THE TRUTH ABOUT AGENTS!
by Dan O'Day
(from CAREER CONTROL: Radio
Job-Hunting, Interviewing & Contracts)
About once a week I get a call from some
disc jockey or program director who is looking for a new position
and is considering using an agent or a job placement company.
Both agents and job placement firms can be helpful; the overwhelming
majority of them, for most jocks & PDs, are not.
Let's talk about agents first. When someone
seeks my opinion about a particular agent, the first thing I ask
is, "Does the agent charge the talent a fee?" If the
answer is "Yes," my advice is not to affiliate with
that agent. And if the agent collects a fee both from the talent
and from the company that hires the talent, my advice is, "DEFINITELY
avoid that agent."
Collecting fees from both ends is an obvious
conflict of interest. An agent can't serve two masters. Either
his loyalty goes to the radio station, or it goes to the talent.
Let's say the agent puts you and one of
his client stations together. The station is interested in hiring
you. A key element of your agent's duties is to negotiate on your
But how can he? He's negotiating a contract
between two parties, both of whom are paying him! While the talent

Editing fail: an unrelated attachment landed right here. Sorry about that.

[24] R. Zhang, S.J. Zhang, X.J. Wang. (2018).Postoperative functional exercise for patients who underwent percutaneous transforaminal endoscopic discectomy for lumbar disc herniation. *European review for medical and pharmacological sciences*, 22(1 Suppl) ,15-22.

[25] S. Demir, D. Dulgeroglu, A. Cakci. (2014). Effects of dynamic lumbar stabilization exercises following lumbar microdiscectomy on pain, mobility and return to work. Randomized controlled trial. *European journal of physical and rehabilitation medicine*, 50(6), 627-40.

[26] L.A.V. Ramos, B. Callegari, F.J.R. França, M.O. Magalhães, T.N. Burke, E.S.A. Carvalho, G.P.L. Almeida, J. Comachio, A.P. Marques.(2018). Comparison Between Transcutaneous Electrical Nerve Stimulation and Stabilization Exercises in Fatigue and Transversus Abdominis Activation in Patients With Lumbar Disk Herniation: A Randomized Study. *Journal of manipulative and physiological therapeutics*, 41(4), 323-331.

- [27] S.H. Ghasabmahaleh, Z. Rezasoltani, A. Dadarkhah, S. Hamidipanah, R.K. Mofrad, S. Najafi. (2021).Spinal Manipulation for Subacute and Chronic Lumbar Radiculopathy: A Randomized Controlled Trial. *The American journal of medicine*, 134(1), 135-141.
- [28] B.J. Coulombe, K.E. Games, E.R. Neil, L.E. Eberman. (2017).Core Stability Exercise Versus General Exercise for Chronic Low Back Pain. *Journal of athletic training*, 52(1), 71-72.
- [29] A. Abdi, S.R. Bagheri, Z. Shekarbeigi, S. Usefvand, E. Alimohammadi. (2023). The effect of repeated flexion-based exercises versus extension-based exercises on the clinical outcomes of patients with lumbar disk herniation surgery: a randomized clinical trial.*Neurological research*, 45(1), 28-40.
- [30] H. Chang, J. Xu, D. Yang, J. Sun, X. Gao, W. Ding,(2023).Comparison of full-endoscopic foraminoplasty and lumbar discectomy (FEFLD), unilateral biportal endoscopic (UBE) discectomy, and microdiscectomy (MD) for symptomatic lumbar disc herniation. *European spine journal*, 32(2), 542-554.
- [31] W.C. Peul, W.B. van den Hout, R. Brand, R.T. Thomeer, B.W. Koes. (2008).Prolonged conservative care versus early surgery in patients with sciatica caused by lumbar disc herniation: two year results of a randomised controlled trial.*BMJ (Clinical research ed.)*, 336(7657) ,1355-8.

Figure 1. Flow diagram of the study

may have paid him a fee up-front, the radio station won't pay
him anything until and unless they sign someone he has brought
to their attention.
And I'm not even very keen on agents who
charge only the talent. True, that avoids the conflict of interest
issue. But with very few exceptions, agents do not do what most
disc jockeys think they do: Agents do NOT create careers. They
do not magically transform a $200 a week jock in Poughkeepsie
into a $200,000 a year jock in Philadelphia.
I know a lot of disc jockeys. And I can't
think of ONE top jock whose big break came through an agent. If
you're good - and if you learn how and make the effort to promote
yourself in the industry - people will become aware of you.
I'm sure you've heard that tired old accusation:
"In radio, it's not what you know, it's who you know."
The idea is the only way to get into a major market is to have
a buddy get you in. Think back to the first person who told you
that. I'll bet a thousand bucks to a dime that person does NOT
work in a major market.
Real talent has a way of bursting through...of
not only reaching a major market but staying there. And there
are few major market program directors who don't react to a great
aircheck - no matter where it comes from.
And that is the big secret that the agents
won't tell you: Even the best agents primarily are good for negotiating
contracts - NOT for finding jobs. The worst agents aren't good
If you decide to sign with an agent, I
suggest you sign an agreement whereby she gets paid only a percentage
of the deal she negotiates. This is NOT in addition to other fees
and expenses - such as duplicating tapes, mailing costs, and phone
calls. That's part of the agent's overhead, and that's what her
commission is for.
So if someone offers to represent you and
says he'll need $500 to cover the cost of circulating your tape,
I suggest you say, "No, thank you."
If the agent charges a fee for representing
you, her motives automatically are suspect. Is she representing
you because she thinks she can land you a good gig...or because
even if she doesn't do you a damn bit of good, you're adding money
to her bank account?